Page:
Designing an executive compensation program is among the board’s core responsibilities, and this is often owned by the compensation committee (also called remuneration committee). The goal of this committee is to develop an executive pay package that incentivizes the right behavior and moves the company towards its business goals. At first glance, this committee’s responsibilities seem straightforward; however, a modern executive compensation package is quite complex, often requiring a lot of judgement during its design and attracting much scrutiny across stakeholders.
Throughout the last few years, we’ve seen a significant emphasis on transparency across the executive compensation landscape. Shareholders want to know how the board is approaching its compensation design—a story that the compensation committee is expected to tell in the Compensation Disclosure & Analysis (CD&A) section of the proxy statement. Investors are also pressing boards to think about how compensation decisions can impact the company’s long-term strategy for growth, whether negatively (e.g., Wells Fargo, Persimmon) or positively (e.g., talent acquisition, sustainability initiatives).
The 2010 Dodd-Frank Act instituted significant reform within the executive compensation process, including mandates around committee member independence, disclosure, and consultant relationships. Another key Dodd-Frank reform was “Say on Pay,” an opportunity for shareholders to cast an advisory vote on whether they agree with the company’s CEO pay practices. While Say on Pay has elicited historically high support levels across companies, today’s compensation committees must continue to balance a medley of stakeholder interests and business factors (e.g., evolving tax regulations, increasing focus on ESG, and heightened media scrutiny of CEO pay).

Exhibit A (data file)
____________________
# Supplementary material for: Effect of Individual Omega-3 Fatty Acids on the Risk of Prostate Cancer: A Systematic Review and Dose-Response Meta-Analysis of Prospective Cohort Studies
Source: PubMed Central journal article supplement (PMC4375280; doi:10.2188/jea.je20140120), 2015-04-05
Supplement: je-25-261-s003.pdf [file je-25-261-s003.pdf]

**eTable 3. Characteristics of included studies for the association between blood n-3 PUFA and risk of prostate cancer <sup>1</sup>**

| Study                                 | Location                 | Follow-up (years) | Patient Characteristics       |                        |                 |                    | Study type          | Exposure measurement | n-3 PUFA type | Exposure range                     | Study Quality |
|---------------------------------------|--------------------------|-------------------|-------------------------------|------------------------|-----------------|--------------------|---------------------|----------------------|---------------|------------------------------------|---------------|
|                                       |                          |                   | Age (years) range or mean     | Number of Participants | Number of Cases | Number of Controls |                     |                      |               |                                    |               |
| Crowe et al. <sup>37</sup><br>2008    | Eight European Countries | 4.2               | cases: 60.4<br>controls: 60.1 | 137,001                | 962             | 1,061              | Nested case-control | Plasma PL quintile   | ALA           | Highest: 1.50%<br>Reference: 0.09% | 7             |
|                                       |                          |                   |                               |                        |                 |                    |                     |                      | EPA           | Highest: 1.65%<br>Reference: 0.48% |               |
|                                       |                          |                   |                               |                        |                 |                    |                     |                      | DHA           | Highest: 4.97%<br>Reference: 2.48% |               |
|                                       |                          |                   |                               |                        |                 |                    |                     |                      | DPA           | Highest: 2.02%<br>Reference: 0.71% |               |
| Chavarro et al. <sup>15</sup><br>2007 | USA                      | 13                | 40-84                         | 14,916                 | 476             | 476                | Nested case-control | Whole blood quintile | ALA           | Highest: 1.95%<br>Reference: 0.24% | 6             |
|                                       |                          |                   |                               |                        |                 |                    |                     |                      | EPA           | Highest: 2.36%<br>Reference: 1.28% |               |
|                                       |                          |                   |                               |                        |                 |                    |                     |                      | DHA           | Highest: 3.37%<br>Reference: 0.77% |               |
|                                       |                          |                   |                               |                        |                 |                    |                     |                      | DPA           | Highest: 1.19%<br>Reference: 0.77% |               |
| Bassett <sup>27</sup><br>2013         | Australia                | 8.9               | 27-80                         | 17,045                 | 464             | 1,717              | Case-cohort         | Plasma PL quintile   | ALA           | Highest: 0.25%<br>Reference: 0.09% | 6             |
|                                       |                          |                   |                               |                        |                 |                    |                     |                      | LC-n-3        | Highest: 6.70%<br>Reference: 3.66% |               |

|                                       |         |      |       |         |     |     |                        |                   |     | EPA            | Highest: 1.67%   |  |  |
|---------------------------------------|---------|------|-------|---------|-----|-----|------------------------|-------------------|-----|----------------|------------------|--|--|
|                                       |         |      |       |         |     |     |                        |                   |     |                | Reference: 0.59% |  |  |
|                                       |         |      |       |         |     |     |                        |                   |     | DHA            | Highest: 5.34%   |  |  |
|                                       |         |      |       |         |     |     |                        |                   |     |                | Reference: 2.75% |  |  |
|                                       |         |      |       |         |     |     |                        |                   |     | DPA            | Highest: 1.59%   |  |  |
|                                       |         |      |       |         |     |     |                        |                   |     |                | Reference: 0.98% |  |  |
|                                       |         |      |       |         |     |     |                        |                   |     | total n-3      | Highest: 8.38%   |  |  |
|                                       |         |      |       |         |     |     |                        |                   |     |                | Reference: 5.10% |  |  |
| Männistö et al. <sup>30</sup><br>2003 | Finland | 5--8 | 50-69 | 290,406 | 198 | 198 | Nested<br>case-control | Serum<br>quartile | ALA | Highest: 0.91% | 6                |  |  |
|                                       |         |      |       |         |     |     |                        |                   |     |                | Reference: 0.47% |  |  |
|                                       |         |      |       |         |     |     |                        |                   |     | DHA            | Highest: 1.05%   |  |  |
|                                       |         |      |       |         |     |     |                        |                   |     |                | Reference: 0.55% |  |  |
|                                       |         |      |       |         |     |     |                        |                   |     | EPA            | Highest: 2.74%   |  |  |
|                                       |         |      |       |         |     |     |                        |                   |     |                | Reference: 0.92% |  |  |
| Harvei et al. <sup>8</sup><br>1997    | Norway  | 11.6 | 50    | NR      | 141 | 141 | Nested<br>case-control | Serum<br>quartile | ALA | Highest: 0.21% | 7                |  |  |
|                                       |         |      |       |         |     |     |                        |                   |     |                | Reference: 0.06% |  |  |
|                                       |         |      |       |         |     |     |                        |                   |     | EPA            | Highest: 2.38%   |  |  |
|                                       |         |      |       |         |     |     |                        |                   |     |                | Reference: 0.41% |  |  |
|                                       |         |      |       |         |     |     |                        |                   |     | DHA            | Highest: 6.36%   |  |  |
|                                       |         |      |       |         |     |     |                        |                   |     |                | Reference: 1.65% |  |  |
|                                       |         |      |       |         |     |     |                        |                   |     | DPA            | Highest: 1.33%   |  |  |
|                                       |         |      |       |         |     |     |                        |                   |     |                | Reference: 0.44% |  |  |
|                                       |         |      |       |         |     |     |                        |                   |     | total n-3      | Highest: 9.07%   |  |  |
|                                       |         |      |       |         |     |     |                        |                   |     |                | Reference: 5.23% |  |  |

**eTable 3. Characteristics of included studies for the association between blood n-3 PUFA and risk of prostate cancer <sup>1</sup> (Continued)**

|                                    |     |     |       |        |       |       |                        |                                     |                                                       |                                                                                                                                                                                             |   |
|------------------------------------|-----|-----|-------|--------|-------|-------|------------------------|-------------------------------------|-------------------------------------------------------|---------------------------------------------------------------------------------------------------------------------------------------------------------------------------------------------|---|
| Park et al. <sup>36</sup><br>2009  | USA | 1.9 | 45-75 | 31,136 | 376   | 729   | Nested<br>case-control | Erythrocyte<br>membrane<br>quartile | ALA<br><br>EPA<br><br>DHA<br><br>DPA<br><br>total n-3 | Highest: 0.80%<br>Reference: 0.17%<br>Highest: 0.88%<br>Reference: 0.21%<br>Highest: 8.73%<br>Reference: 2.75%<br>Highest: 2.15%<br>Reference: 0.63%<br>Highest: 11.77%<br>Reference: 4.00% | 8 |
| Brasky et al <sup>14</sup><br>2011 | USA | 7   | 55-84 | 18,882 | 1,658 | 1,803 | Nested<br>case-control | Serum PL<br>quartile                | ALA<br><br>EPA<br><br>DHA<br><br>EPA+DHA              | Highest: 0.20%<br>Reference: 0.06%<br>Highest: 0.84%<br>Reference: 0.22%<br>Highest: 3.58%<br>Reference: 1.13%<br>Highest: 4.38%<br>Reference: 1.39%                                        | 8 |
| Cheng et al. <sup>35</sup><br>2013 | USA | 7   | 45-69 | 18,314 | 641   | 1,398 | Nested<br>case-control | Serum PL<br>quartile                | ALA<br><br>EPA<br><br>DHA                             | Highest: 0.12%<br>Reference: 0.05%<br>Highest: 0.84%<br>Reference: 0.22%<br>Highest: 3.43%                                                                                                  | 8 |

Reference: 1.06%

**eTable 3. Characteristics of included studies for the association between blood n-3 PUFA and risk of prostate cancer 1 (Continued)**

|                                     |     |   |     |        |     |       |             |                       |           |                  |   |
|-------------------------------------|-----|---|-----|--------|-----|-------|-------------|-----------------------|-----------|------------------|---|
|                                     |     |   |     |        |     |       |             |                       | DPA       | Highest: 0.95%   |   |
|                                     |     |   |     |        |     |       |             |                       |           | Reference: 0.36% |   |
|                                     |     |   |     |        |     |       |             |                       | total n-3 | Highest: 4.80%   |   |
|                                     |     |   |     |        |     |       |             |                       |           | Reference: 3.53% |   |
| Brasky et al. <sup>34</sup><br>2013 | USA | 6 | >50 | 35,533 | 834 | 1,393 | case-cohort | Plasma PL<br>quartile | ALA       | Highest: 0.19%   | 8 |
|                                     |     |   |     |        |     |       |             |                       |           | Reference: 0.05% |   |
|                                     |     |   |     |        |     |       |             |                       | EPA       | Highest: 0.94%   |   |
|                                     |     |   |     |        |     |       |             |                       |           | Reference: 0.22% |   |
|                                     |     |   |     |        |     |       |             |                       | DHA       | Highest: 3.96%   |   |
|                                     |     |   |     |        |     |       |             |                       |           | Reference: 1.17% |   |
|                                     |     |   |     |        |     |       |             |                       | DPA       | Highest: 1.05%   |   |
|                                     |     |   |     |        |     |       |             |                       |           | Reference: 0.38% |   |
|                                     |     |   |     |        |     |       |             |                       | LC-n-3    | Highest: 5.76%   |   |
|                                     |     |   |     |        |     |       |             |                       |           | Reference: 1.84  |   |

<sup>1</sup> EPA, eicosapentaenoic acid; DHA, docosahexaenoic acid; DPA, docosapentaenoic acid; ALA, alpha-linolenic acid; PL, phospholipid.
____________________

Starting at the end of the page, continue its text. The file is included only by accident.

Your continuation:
Disclosure & Engagement: Whether a company’s CEO compensation is high or low is always relative. Peer group selection is a critical part of the compensation committee process; proxy disclosure should (1) detail how the peer group was selected and (2) visualize where the company falls within the peer group. Today’s boards must use the CD&A to tell their company’s pay story. Compensation committee members should also be prepared to engage with shareholders on the topic of CEO pay.
Compensation Consultants: Compensation consultants typically play an important role in both the compensation strategy and disclosure; they advise compensation committees on peer group selection and incentive design, often through the lens of investors and proxy advisors. A recent episode of “Inside America’s Boardrooms” reviews key criteria for selecting and evaluating a compensation consultant.
Compensation Data: The success of today’s compensation committees relies on whether they have the right data at their fingertips. Not only must they have access to the same data their investors have, but they should have access to tools that enable peer group modeling.
Compensation data providers like CGLytics (providers of the NACD/DIligent Nom/Gov application) equip boards with advanced peer group modeling tools, which allows boards to analyze their executive compensation in the same way investors and proxy advisors do. Learn more.